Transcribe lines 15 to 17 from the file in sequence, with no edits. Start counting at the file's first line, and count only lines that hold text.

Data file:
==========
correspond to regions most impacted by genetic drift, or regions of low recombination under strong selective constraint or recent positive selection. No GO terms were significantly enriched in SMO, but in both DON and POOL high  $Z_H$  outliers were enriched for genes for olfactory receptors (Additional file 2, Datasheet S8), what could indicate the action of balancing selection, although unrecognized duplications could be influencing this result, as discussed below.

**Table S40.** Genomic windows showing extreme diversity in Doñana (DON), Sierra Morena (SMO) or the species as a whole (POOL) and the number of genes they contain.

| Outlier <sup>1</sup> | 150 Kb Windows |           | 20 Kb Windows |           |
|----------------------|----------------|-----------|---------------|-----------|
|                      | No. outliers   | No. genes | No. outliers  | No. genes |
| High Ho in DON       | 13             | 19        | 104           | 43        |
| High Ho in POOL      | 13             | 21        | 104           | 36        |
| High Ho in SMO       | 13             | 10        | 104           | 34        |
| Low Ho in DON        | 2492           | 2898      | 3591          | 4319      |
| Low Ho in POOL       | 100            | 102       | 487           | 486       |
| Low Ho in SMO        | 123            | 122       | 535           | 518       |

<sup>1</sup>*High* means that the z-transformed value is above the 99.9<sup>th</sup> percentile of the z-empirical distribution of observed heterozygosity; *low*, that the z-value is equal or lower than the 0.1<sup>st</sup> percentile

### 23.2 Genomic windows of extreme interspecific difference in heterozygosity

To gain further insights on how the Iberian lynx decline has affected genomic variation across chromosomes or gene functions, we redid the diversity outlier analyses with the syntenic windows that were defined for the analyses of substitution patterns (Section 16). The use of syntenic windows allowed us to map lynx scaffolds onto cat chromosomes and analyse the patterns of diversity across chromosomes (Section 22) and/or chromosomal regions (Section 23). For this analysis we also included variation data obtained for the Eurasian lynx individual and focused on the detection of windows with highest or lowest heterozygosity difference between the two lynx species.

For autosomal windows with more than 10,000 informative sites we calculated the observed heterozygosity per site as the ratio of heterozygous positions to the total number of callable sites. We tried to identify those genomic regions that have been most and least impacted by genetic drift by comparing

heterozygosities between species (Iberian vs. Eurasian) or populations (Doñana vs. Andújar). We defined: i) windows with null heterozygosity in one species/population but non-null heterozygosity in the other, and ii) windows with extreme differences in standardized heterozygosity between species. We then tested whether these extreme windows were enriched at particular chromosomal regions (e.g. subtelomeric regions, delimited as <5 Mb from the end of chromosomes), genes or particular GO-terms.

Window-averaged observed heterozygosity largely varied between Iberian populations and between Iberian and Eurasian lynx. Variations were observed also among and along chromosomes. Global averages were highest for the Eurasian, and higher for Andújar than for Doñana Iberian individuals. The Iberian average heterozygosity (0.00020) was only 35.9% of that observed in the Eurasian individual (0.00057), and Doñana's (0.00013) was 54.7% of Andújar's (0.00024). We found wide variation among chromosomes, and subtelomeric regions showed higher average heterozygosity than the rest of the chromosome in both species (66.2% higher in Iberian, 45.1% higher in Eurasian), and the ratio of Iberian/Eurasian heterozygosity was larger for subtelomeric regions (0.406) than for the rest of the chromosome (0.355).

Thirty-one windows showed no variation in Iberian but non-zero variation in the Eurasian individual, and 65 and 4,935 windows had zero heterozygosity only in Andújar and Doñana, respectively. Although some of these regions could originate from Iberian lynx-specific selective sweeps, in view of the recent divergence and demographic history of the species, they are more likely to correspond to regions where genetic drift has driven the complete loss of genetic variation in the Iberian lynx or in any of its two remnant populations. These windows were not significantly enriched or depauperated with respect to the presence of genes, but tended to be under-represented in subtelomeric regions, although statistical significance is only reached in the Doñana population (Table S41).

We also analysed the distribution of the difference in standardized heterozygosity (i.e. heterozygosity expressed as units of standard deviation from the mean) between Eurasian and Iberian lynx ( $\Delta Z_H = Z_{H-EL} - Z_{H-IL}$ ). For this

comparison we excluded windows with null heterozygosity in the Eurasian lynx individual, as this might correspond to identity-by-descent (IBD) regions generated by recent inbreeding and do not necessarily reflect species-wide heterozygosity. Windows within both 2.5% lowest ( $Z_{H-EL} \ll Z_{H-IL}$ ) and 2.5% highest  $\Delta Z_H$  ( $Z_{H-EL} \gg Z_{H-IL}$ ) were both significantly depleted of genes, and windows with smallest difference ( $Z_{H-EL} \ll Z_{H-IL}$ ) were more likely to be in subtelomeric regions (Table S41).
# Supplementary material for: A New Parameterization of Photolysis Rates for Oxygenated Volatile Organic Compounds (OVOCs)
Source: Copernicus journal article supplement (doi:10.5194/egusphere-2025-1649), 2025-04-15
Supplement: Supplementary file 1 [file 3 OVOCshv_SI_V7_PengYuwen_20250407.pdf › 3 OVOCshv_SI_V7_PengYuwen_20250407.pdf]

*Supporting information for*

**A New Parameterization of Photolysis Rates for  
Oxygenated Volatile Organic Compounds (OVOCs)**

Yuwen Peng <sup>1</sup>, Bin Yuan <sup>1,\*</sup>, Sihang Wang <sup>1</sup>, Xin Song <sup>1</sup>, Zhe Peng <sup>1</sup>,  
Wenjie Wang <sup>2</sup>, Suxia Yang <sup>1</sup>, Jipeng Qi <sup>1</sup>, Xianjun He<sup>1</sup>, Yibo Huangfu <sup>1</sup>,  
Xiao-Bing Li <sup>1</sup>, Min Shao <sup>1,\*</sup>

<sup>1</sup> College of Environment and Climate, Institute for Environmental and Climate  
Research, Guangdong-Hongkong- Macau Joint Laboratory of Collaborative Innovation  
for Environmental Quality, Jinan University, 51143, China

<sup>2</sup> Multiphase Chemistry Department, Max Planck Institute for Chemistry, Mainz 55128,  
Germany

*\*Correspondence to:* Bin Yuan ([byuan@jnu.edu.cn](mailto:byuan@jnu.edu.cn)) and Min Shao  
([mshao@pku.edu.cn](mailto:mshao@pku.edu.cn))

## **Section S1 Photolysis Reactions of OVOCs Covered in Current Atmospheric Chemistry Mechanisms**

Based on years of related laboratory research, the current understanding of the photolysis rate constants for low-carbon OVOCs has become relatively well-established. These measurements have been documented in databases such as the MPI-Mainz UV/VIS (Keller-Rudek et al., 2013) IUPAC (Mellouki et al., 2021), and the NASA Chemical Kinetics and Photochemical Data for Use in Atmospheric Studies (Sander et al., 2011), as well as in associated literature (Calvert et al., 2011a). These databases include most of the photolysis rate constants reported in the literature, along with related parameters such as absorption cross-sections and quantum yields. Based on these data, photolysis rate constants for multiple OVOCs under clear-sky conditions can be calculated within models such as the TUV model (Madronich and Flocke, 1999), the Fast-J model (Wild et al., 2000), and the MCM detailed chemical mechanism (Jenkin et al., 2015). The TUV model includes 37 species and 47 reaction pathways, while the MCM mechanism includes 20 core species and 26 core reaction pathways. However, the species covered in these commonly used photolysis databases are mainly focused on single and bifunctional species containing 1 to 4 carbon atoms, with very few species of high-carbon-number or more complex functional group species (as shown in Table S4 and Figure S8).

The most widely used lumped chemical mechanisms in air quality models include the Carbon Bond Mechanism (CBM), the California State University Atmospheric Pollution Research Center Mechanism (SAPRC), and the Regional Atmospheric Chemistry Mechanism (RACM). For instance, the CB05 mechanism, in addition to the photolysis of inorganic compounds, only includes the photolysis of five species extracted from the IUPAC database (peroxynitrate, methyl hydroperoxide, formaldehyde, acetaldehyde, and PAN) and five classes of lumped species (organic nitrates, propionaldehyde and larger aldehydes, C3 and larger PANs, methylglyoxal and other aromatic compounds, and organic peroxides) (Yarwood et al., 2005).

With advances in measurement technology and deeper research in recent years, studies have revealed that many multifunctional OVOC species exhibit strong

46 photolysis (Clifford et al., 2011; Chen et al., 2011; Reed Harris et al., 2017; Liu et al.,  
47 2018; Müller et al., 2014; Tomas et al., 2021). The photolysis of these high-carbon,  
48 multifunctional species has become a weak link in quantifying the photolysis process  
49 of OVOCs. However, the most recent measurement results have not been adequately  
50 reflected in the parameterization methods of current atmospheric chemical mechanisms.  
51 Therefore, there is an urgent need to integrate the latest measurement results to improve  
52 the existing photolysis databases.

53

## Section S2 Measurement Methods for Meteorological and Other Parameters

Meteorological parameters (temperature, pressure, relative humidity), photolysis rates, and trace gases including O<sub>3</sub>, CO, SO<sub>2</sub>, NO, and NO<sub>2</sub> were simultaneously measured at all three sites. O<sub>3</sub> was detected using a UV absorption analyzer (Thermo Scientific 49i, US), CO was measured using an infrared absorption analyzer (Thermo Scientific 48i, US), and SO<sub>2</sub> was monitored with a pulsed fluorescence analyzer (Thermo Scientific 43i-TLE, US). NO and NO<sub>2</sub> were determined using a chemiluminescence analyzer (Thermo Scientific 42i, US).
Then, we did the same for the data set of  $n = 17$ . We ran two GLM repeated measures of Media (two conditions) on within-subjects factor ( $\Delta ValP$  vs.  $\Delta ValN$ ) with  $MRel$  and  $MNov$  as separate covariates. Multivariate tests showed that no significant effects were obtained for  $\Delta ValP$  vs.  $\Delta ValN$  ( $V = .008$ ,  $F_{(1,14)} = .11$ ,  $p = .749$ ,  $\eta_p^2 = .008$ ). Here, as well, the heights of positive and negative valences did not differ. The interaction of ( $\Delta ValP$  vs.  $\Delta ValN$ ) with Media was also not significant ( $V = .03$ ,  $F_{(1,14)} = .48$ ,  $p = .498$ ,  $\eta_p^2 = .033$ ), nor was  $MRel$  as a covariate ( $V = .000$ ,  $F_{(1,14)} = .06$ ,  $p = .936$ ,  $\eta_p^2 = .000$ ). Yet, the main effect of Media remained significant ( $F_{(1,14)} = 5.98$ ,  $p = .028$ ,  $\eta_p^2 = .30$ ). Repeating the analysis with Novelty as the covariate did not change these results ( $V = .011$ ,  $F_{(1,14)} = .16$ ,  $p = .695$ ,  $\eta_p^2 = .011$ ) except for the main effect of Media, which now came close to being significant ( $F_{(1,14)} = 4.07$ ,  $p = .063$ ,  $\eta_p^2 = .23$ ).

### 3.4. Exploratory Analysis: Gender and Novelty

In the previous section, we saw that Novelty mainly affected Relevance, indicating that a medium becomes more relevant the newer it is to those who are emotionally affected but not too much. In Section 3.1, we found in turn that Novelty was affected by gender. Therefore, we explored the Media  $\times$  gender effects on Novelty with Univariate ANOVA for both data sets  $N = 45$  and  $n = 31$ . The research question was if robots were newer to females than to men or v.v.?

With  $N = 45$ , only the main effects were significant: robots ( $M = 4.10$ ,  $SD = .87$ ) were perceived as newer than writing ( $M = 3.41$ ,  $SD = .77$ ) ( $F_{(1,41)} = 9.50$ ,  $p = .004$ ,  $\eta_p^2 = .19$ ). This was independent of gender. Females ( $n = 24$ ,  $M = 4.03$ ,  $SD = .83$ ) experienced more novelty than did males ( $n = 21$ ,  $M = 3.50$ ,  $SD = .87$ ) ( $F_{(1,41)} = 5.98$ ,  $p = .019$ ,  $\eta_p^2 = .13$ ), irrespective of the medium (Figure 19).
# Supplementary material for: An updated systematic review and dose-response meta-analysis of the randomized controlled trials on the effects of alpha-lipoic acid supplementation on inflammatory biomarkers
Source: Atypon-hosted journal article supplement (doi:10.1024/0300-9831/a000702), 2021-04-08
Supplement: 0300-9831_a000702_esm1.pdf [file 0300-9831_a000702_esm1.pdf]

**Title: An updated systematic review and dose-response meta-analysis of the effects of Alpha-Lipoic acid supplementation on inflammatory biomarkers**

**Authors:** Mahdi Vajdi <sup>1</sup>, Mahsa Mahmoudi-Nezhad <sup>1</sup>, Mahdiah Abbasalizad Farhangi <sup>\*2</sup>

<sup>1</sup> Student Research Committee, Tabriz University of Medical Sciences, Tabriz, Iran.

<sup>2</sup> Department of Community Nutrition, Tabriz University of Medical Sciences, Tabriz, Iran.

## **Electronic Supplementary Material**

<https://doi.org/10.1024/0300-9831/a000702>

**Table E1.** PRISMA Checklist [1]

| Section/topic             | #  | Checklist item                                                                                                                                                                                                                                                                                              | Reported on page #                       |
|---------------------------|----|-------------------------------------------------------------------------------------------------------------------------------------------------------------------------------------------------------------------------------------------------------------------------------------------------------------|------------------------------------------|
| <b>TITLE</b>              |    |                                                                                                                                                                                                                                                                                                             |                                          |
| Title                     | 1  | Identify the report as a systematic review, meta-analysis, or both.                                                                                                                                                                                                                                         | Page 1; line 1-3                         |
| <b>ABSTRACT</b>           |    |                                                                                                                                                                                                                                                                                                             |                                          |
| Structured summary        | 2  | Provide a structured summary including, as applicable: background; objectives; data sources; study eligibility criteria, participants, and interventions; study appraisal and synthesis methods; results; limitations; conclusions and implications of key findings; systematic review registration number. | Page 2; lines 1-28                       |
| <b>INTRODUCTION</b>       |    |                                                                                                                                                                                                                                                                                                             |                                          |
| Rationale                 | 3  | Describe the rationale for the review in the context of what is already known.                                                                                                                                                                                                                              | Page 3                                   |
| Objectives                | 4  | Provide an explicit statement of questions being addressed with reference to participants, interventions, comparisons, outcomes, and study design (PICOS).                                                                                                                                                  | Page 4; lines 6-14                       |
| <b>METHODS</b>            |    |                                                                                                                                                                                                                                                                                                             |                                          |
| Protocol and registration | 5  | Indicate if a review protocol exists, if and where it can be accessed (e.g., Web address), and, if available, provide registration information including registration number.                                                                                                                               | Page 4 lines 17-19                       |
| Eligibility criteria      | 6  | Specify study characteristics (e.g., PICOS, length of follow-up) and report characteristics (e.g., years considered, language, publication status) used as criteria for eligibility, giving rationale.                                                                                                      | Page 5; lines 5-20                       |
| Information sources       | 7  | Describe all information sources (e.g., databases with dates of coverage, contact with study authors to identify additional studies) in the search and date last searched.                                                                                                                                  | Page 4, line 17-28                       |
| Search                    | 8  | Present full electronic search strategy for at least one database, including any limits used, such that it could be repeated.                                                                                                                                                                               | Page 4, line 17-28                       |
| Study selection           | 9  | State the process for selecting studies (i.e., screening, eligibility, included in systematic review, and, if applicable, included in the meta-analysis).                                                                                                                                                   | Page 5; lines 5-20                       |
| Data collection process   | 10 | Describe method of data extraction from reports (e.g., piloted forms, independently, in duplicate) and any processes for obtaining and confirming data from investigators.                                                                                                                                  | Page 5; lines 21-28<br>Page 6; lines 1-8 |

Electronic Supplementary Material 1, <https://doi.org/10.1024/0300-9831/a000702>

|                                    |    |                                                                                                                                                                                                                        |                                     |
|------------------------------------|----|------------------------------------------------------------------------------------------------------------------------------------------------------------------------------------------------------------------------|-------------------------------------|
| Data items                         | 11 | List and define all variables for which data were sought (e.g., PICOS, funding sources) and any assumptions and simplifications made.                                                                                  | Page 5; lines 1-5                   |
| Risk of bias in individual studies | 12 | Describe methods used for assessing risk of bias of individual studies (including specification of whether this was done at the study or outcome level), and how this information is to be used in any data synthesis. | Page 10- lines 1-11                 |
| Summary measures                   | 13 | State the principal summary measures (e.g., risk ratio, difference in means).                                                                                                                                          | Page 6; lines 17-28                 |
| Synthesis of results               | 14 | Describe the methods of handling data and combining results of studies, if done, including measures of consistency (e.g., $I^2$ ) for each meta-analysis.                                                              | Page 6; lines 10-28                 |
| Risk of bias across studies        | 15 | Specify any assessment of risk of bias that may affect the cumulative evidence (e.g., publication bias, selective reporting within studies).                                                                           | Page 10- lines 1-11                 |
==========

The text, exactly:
For autosomal windows with more than 10,000 informative sites we calculated the observed heterozygosity per site as the ratio of heterozygous positions to the total number of callable sites. We tried to identify those genomic regions that have been most and least impacted by genetic drift by comparing

heterozygosities between species (Iberian vs. Eurasian) or populations (Doñana vs. Andújar). We defined: i) windows with null heterozygosity in one species/population but non-null heterozygosity in the other, and ii) windows with extreme differences in standardized heterozygosity between species. We then tested whether these extreme windows were enriched at particular chromosomal regions (e.g. subtelomeric regions, delimited as <5 Mb from the end of chromosomes), genes or particular GO-terms.

Window-averaged observed heterozygosity largely varied between Iberian populations and between Iberian and Eurasian lynx. Variations were observed also among and along chromosomes. Global averages were highest for the Eurasian, and higher for Andújar than for Doñana Iberian individuals. The Iberian average heterozygosity (0.00020) was only 35.9% of that observed in the Eurasian individual (0.00057), and Doñana's (0.00013) was 54.7% of Andújar's (0.00024). We found wide variation among chromosomes, and subtelomeric regions showed higher average heterozygosity than the rest of the chromosome in both species (66.2% higher in Iberian, 45.1% higher in Eurasian), and the ratio of Iberian/Eurasian heterozygosity was larger for subtelomeric regions (0.406) than for the rest of the chromosome (0.355).